National Opinions

Eloba panic for political gain

By Patrick J. Brennan

On Oct. 23, Dr. Craig Spencer, an obviously compassionate and responsible young man, recognized the onset of fever during the incubation phase since his last exposure to patients with Ebola in Guinea. He acted quickly to minimize his contact with others, reporting his illness to his sponsoring organization, Doctors without Borders. His subsequent management by New York City authorities was swift and effective.

Similarly, two nurses in Dallas closely tracked their temperatures and symptoms following Thomas Eric Duncan's death from Ebola on Oct. 8. When the fever came, they also quickly reported the onset of illness and were hospitalized and isolated.

Contrast this with the visceral and politically charged reaction of the governors of four states, including Gov. Chris Christie's shameful authorization to quarantine nurse Kaci Hickox after her return from West Africa, where she was treating Ebola patients. Rather than calming fears of contagion, the governors' actions show a reckless disregard for medical evidence and public health and inflame the discourse on the handling of Ebola.

Hickox, who is not ill, was nonetheless held in quarantine in a tent at a New Jersey hospital after her return. Last week she was released and allowed to travel to Maine, where she is again confronting quarantine orders. Accurate temperature measurements have shown that she has no fever, and laboratory tests have demonstrated that Hickox has no evidence of Ebola in her system. But her release came only after speaking out publicly against her quarantine. An unapologetic Christie stands by his decision, which means it could easily happen to others.

To order quarantines without a plan or scientific rationale leaves little question about the motivation for these actions, and they have had their desired effect. This needless quarantine did not make New Jersey a safer place. It merely thrust governors into the forefront of a public-health issue about which they appear to know little.

Should Christie's shortsighted approach become the norm, it is likely that American support for global effort to contain Ebola will be impeded. That, in turn, will slow containment and worsen the epidemic. At a time of such public concern, America doesn't need aspiring politicians setting public-health policy on the fly in defiance of science and civil rights.

Public-health law permits the incarceration of individuals who pose a threat to society through their negligence. Those who harbor transmissible illnesses may be legally quarantined when their refusal to receive treatment places others at risk.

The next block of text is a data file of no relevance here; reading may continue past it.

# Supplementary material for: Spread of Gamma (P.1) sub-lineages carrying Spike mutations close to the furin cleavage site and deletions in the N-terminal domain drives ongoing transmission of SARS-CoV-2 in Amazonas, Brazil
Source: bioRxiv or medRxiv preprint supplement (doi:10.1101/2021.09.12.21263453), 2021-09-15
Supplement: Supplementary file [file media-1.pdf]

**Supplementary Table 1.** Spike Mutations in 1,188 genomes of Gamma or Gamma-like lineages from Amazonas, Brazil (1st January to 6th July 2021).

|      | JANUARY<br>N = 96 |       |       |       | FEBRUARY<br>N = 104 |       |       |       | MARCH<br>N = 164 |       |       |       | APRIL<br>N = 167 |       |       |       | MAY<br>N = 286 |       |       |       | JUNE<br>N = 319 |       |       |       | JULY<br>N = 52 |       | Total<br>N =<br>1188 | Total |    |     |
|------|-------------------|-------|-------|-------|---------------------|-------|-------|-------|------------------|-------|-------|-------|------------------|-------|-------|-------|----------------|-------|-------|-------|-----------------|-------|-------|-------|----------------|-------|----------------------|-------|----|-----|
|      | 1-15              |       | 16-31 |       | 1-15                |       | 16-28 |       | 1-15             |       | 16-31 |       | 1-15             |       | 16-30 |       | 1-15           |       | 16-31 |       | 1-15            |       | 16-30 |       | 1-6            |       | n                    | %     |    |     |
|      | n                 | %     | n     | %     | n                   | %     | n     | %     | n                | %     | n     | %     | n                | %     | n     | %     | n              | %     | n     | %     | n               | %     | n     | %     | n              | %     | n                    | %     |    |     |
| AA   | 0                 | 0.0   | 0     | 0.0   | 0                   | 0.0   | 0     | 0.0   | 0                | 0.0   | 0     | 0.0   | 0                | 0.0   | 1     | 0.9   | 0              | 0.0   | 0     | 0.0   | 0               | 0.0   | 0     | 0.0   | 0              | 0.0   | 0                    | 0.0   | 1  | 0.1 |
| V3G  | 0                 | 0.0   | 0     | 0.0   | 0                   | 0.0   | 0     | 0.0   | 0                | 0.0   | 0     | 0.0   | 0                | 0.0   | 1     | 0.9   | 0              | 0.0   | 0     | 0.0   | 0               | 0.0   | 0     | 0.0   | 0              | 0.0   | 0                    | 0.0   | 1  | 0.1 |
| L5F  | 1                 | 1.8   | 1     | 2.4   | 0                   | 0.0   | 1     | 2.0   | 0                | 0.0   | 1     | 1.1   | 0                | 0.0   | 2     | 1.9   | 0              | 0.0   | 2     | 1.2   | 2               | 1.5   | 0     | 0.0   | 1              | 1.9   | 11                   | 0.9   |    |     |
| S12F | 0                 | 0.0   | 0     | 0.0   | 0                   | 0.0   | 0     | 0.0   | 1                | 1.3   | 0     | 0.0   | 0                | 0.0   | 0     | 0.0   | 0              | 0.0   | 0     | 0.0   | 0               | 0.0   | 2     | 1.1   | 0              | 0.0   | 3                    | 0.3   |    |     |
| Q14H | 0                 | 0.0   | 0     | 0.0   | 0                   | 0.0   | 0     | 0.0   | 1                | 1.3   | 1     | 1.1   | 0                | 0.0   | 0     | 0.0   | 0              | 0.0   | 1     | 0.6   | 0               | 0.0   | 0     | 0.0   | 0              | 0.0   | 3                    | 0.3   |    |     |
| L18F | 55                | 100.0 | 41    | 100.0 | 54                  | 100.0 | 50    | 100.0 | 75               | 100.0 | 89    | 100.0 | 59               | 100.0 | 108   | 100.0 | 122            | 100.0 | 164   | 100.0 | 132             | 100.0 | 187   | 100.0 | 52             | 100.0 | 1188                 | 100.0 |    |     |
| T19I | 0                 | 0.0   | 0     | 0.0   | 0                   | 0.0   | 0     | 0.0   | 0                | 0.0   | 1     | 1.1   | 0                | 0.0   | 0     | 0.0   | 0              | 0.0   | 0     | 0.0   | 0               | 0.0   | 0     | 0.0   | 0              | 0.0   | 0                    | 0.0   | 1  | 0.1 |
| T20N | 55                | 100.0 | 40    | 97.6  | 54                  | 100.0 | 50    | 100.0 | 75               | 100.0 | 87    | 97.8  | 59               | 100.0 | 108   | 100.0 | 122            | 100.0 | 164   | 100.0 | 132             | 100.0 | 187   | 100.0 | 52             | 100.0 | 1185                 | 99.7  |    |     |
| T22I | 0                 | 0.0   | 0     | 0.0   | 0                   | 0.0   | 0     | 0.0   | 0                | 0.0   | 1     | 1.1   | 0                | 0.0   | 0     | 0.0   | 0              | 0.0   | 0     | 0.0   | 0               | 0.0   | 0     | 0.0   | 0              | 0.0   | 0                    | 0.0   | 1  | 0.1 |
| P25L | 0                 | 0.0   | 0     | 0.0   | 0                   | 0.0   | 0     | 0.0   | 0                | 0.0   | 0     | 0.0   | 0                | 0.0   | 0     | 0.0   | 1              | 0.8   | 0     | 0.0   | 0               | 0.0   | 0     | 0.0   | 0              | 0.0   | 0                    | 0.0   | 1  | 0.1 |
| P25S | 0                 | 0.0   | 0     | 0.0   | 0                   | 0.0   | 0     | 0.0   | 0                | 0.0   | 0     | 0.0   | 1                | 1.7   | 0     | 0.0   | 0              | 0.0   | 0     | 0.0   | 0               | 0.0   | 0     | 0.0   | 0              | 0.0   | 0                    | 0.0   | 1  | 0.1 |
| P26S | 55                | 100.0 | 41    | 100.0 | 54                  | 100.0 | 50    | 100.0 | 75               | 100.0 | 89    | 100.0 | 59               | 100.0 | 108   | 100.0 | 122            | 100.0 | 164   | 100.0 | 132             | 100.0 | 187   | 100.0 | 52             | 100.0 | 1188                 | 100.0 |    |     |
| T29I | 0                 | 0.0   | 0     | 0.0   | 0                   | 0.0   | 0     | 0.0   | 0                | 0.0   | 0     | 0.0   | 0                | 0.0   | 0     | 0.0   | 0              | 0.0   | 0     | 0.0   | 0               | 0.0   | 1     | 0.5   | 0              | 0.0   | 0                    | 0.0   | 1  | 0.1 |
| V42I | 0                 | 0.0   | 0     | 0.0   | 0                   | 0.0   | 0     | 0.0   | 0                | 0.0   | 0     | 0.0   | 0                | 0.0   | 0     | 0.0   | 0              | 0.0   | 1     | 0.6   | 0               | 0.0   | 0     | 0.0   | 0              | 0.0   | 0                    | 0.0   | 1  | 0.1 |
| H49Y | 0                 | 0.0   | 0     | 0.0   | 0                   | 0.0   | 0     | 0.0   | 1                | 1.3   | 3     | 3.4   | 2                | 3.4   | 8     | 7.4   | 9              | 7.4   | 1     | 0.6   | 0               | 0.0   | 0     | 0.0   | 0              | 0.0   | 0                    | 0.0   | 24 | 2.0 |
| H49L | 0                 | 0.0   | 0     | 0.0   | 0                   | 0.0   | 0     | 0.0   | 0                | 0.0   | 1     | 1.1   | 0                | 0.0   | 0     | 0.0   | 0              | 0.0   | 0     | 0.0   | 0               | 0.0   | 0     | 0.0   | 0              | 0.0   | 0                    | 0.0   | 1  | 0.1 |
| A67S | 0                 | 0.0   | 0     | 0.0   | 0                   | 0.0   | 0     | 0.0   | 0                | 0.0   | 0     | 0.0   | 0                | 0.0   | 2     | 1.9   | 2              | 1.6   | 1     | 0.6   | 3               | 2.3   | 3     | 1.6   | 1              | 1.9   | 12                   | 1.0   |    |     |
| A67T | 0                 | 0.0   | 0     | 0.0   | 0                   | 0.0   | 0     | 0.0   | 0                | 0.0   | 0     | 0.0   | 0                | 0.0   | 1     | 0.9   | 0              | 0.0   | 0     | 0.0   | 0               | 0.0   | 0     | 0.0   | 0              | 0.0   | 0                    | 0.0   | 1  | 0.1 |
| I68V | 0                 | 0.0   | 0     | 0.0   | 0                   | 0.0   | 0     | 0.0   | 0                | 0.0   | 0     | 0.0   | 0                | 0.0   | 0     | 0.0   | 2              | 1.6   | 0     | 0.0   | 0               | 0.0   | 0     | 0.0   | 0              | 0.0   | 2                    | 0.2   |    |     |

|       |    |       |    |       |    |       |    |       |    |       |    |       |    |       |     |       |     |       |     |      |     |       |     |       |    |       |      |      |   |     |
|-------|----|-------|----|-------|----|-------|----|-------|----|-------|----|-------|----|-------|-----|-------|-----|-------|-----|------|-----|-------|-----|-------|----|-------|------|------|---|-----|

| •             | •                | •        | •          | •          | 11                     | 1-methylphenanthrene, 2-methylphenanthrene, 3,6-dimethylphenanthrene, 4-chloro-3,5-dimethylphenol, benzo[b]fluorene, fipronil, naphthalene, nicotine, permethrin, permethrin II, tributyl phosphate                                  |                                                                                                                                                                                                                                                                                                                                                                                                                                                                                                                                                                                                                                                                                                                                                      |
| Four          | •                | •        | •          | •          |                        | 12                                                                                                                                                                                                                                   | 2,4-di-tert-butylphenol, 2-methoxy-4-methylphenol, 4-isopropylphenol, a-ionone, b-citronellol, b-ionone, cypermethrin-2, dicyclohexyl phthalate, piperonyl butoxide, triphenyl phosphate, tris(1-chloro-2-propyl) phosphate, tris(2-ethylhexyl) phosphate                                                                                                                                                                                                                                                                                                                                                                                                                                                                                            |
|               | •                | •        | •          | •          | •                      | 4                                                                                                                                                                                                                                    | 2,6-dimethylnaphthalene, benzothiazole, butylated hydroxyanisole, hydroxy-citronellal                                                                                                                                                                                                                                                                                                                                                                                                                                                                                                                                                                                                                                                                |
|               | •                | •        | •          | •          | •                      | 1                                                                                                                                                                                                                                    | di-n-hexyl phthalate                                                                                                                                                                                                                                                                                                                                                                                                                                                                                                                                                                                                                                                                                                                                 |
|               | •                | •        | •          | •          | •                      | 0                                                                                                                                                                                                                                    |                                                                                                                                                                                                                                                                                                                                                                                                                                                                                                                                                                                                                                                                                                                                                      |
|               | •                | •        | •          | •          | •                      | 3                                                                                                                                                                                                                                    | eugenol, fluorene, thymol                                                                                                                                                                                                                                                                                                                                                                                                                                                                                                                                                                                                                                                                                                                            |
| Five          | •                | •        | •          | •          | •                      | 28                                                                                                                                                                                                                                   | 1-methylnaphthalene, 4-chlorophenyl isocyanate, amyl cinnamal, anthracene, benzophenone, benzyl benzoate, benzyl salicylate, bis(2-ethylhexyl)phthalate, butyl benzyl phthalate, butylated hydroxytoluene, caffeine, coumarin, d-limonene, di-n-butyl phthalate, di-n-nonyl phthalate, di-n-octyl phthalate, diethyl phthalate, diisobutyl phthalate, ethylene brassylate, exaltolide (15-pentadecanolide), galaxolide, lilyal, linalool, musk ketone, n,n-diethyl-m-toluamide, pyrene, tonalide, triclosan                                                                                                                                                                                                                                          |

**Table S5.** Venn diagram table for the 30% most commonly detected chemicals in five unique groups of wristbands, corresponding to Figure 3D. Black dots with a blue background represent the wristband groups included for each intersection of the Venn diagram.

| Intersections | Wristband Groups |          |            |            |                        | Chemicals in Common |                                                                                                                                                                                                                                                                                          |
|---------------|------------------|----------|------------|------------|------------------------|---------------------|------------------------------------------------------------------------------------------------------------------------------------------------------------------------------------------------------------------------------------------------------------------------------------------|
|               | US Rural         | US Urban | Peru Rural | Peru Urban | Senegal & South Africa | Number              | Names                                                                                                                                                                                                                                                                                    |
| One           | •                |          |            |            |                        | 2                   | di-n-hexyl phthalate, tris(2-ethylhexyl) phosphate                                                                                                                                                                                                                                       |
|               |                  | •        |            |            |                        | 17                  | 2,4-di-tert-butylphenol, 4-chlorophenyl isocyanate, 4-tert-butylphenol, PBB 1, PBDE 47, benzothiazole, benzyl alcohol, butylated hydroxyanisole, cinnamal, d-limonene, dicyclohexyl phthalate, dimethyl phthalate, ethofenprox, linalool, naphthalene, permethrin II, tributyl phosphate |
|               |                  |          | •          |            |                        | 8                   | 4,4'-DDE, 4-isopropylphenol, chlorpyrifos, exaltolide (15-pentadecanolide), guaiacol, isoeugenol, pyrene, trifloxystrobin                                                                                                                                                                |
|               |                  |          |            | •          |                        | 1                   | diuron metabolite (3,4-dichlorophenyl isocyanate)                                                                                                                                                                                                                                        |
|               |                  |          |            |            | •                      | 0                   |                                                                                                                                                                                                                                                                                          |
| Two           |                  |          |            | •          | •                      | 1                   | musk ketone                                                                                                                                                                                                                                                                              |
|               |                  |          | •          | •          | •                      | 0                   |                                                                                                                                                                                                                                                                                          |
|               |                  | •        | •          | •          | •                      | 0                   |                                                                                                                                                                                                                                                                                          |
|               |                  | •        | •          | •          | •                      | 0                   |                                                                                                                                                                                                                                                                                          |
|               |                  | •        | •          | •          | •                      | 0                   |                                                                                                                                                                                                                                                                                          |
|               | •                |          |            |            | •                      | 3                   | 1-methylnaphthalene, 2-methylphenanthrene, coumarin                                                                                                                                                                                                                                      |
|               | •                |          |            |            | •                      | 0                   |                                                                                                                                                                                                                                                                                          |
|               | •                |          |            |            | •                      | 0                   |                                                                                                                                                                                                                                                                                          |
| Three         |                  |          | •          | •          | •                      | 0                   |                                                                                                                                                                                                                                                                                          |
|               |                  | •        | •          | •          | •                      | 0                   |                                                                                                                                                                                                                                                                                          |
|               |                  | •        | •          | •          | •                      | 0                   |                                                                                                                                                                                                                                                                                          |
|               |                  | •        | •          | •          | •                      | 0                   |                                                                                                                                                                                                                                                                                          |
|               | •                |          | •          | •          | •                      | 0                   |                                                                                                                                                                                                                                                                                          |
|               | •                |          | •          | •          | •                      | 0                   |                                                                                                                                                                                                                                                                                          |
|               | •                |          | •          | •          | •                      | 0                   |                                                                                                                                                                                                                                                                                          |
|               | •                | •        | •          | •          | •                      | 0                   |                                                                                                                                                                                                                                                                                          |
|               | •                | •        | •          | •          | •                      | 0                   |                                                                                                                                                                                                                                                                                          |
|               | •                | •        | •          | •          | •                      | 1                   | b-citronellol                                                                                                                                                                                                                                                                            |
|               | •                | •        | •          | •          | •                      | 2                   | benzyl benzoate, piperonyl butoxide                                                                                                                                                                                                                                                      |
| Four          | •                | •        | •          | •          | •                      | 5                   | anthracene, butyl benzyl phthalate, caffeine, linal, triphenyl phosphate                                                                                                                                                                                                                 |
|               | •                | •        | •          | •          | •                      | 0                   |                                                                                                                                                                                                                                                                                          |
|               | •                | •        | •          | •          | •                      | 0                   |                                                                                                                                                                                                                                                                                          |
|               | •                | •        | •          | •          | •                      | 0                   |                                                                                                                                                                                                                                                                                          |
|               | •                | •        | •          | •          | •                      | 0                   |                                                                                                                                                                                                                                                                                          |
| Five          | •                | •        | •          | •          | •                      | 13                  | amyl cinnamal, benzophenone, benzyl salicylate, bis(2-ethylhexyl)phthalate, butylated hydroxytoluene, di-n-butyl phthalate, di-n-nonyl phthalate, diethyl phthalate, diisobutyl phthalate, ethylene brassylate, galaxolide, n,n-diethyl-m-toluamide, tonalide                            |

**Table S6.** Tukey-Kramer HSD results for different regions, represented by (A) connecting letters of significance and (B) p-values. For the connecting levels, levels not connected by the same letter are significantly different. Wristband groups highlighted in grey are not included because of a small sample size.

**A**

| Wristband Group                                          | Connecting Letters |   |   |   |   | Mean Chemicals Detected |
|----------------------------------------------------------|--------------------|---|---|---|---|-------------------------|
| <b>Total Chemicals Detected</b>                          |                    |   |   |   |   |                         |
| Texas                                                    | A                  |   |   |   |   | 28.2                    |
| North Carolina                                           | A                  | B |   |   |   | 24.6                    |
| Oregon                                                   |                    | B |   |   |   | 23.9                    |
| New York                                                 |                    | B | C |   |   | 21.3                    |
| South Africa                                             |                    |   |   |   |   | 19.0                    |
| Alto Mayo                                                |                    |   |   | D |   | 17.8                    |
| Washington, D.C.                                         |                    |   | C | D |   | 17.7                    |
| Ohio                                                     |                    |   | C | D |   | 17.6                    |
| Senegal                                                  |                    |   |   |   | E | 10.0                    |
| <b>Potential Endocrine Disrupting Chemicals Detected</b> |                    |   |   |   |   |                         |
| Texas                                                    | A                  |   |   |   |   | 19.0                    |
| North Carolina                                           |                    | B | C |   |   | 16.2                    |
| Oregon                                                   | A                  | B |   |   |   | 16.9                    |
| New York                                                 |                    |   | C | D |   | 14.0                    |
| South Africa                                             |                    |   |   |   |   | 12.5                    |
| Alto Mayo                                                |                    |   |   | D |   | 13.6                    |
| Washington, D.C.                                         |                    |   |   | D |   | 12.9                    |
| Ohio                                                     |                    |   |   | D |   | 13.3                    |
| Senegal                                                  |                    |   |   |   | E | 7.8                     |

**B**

While I was director of tuberculosis control for Philadelphia in the late 1990s, our office sought and obtained orders for the isolation of people who refused treatment, often for highly resistant strains of TB. Their willful avoidance of therapy subjected their families and others to possible infection and illness. In such cases, quarantine was warranted and granted by the courts until the threat passed.

If an Ebola patient was well enough to refuse isolation and elude treatment, he or she should be treated in a similar fashion. Ebola, sadly, is so profound that patients are often left prostrate and fully dependent on others for sustenance and care. But, prior to the onset of symptoms, they are not contagious.

In contrast, what we have seen in the example first of Christie and Gov. Andrew Cuomo of New York, and later Govs. Rick Scott of Florida and Pat Quinn of Illinois, is the willful disregard of medical evidence and a violation of civil rights. Happily, reasonable voices seemed to have tempered Cuomo's position. Not so Christie's.

In every example to date of a health-care worker presenting with Ebola in the United States, the affected person has promptly self-reported his or her illness. Furthermore, there has been no evidence of significant exposures to the general public.

Health-care workers should not be subject to the degrading conditions Hickox received in New Jersey. Health-care workers responsible enough to travel overseas to apply their skills, or wade into hot zones in this country, deserve better than the spectacle of incarceration at the whim of ill-informed politicians.

The capricious policy of quarantine implemented in four states should not be repeated in other jurisdictions and should be reversed where it is in effect before further harm is done to the effort to combat this illness.

The Philadelphia Inquirer

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